Infeed/outfeed table alignment on my old Craftsman Joiner.


I just acquired an old, belt driven Craftsman Joiner and tried using it for the first time. To my dismay, it cuts the board thicker on one end than the other. When I eyeball it, I can see that the infeed table slants downward away from the fence.
I turned it over to look for easy adjustments, but it looks pretty complex. Has anyone had any experience with this problem? Can it be fixed or is it even worth it? I have $75 into the joiner at this point.... should I abandon it and buy a new one or is this something I will ned to learn to do to maintain any joiner?
Thanks in advance for any help/advice!
John
Add pictures here
<% if( /^image/.test(type) ){ %>
<% } %>
<%-name%>
Add image file
Upload
On 3 Jul 2006 14:56:43 -0700, snipped-for-privacy@gmail.com wrote:

I don't know if it's a systemic problem or if it was unique to me, but I had a Craftsman joinTer at one time that had exactly the same problem. In the alignment process, you could get the infeed table coplanar with the outfeed table, or you could get the height adjustment wheel to work, but you couldn't do both.
At first I thought it was the table and got another infeed table from Sears under warranty, but it exhibited the same behavior. I tried every trick I could think of, including shims on one or more of the four bosses on the underside of the table to which the dovetail gibs attach.
I tried to think of other methods, and at one time I thought of taking it to an engine machine shop to have the infeed table reground while adjusted properly on the rest of the machine, but never followed through with that.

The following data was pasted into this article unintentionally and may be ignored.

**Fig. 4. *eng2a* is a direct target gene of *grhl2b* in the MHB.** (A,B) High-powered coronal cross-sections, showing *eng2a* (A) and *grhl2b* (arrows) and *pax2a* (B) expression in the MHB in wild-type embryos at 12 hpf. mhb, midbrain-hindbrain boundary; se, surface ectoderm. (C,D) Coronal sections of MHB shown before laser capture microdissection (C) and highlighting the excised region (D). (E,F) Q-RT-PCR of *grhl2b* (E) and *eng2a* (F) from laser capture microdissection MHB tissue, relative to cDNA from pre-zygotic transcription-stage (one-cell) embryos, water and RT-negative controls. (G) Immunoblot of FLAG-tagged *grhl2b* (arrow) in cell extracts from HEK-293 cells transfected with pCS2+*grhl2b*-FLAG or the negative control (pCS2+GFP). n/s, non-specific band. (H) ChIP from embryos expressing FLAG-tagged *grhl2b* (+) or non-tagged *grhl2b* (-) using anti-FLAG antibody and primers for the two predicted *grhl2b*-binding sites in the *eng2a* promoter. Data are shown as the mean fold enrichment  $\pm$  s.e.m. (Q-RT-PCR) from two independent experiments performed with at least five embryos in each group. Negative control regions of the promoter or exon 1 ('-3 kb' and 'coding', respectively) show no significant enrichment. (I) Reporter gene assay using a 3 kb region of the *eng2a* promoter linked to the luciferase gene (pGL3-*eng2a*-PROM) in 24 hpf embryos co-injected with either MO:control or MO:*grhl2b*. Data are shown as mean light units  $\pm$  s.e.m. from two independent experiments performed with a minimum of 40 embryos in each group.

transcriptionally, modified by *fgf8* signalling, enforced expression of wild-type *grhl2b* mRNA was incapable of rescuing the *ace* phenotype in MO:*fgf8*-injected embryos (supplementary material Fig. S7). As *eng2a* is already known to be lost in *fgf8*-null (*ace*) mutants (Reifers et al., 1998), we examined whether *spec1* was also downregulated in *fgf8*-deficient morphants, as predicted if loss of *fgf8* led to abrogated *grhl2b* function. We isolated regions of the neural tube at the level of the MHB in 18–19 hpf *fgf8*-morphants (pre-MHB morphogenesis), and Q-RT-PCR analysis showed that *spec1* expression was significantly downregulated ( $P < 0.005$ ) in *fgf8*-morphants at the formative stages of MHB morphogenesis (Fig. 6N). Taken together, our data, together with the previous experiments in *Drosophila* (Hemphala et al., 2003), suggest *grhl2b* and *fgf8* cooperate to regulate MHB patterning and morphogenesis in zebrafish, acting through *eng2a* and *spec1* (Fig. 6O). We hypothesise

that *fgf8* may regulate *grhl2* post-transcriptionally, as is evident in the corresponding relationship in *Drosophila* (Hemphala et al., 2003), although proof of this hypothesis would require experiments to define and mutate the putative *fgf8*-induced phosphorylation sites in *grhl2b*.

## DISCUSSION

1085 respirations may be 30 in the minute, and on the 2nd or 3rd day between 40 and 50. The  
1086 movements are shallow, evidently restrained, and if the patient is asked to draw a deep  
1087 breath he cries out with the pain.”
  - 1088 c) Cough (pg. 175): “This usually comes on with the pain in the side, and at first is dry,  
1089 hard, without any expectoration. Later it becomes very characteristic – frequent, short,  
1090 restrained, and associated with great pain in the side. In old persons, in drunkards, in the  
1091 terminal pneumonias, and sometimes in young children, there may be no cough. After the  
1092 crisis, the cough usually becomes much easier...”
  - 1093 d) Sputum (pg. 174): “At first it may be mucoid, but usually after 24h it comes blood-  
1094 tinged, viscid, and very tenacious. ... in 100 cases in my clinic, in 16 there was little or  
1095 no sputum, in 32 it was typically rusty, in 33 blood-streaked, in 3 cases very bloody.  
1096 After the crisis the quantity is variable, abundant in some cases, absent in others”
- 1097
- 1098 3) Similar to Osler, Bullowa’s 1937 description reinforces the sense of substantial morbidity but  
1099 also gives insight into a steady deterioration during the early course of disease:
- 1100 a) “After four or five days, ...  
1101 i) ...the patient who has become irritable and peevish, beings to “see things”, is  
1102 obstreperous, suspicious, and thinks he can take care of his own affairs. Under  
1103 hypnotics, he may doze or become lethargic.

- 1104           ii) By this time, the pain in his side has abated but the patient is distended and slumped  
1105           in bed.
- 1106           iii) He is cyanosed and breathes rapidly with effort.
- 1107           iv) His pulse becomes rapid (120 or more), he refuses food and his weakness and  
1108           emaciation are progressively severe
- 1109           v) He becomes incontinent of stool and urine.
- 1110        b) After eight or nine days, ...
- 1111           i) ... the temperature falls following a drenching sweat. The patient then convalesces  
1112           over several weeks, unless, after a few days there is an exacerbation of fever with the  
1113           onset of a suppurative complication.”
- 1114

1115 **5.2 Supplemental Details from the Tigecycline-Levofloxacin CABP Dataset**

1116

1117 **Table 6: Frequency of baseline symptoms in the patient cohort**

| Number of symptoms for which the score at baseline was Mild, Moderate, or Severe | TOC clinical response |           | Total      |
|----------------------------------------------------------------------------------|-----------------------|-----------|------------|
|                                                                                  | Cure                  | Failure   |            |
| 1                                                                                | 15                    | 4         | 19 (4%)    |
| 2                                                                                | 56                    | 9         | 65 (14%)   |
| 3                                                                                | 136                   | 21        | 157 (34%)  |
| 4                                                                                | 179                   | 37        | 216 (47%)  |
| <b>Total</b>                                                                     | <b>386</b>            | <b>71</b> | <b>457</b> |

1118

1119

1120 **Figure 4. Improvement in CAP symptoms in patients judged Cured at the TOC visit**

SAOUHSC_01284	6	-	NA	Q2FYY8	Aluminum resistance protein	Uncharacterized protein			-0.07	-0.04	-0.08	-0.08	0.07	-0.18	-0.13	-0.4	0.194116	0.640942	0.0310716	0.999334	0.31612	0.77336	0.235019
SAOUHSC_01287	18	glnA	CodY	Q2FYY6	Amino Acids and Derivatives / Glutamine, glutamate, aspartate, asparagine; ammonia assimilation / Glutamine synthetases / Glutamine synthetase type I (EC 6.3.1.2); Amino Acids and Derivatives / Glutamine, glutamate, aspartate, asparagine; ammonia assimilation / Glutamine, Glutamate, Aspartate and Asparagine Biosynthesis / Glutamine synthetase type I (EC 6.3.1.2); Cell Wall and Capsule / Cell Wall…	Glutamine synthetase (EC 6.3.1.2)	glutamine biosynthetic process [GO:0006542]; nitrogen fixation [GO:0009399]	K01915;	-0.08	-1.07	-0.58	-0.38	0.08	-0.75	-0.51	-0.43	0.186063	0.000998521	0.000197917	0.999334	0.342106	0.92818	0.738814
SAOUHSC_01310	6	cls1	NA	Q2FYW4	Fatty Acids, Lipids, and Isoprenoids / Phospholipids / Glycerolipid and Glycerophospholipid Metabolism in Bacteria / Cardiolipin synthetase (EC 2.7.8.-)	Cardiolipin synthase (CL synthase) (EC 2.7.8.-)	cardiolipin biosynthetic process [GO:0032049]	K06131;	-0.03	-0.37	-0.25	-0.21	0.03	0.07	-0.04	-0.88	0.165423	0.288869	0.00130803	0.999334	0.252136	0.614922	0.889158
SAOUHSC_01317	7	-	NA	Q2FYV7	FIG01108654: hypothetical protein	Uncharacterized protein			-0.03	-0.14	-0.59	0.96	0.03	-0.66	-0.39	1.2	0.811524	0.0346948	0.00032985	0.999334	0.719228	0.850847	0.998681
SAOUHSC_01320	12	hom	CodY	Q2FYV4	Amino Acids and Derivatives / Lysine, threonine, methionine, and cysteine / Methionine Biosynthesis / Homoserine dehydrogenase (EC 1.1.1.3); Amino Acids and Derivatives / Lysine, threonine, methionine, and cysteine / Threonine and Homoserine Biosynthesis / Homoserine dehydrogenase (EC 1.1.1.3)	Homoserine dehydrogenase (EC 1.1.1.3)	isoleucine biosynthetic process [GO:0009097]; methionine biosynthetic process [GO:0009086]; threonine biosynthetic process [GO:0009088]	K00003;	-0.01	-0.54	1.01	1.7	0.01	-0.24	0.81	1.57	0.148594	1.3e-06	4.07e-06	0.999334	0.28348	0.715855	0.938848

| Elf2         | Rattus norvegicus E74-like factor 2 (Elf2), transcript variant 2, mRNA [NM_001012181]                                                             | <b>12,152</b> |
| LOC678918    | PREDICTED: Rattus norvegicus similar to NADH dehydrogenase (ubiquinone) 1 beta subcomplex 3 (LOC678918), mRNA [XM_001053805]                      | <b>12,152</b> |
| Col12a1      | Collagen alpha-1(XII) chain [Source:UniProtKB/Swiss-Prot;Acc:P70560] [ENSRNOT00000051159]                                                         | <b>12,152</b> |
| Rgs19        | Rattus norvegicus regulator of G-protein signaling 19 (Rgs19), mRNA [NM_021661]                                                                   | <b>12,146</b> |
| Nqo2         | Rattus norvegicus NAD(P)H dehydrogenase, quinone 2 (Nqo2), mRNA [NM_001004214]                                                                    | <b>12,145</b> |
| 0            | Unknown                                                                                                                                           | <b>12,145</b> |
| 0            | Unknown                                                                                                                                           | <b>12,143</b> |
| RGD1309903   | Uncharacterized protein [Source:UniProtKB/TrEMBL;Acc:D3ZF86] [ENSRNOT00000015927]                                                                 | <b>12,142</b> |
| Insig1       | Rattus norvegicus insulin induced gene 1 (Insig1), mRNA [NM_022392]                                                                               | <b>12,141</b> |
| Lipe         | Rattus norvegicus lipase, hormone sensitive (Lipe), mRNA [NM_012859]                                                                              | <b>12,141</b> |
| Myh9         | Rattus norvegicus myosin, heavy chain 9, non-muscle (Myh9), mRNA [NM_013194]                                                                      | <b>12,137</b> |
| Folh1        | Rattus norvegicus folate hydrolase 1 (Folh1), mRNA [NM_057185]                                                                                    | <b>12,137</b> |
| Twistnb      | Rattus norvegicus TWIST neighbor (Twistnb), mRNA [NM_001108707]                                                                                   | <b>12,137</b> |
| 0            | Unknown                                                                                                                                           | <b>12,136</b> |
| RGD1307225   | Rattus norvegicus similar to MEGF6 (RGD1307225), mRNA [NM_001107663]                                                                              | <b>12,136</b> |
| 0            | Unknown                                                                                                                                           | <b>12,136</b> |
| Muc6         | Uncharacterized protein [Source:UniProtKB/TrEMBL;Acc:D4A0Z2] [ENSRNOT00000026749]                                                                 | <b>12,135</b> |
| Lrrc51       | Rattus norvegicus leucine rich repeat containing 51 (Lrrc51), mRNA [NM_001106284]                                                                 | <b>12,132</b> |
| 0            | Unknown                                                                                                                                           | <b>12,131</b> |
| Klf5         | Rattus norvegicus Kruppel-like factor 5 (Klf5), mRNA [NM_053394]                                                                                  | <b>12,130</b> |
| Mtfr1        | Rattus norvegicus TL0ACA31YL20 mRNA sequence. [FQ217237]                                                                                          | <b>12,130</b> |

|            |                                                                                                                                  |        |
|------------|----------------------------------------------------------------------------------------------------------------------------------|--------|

In my opinion, the problem is unfixable. There are ways to make the machine function after a fashion. Find a compromise adjustment that allows you to set the table height as desired while getting the table reasonably coplanar. That's not hard to do. Then make sure the fence is square to the outfeed table--also not hard to do. You now have a jointer that will mill board edges flat and square well enough for most any work that you will do. Just be sure you register the work tightly against the fence.
The jointer is hopeless for face jointing. Don't even think about it.
You may not realize it, but the outfeed table is integral with the body of the machine, which, while probably cheaper to build, actually somewhat compounds the problem, as with an adjustable outfeed table you might have been able to adjust both tables coplanar (and reset the knives) and still be able to move the height adjusting wheel. That's still a mickey-mouse arrangement, though.
For $75, you can have an okay edge jointer. For $75 you can toss it, inflict it on an acquaintance (you wouldn't do that to a friend), or put a $150 tag on it at a garage sale and sell it for anything you can get over $30 and the buyer will think he scored.
I'd shop around for something else (which is what I did--first a DJ15, now a DJ20).
--
LRod

Master Woodbutcher and seasoned termite
  Click to see the full signature.
Add pictures here
<% if( /^image/.test(type) ){ %>
<% } %>
<%-name%>
Add image file
Upload

Regardless of whether you jointer is set up correctly or not, nor is any other jointer designed to keep the top and bottom sides of your wood parallel. After flattening one surface the opposite surface should be made parallel by going through a thickness planer or a TS. If you are trying to achieve or maintain parallel sides by only using the jointer, GOOD LUCK with that.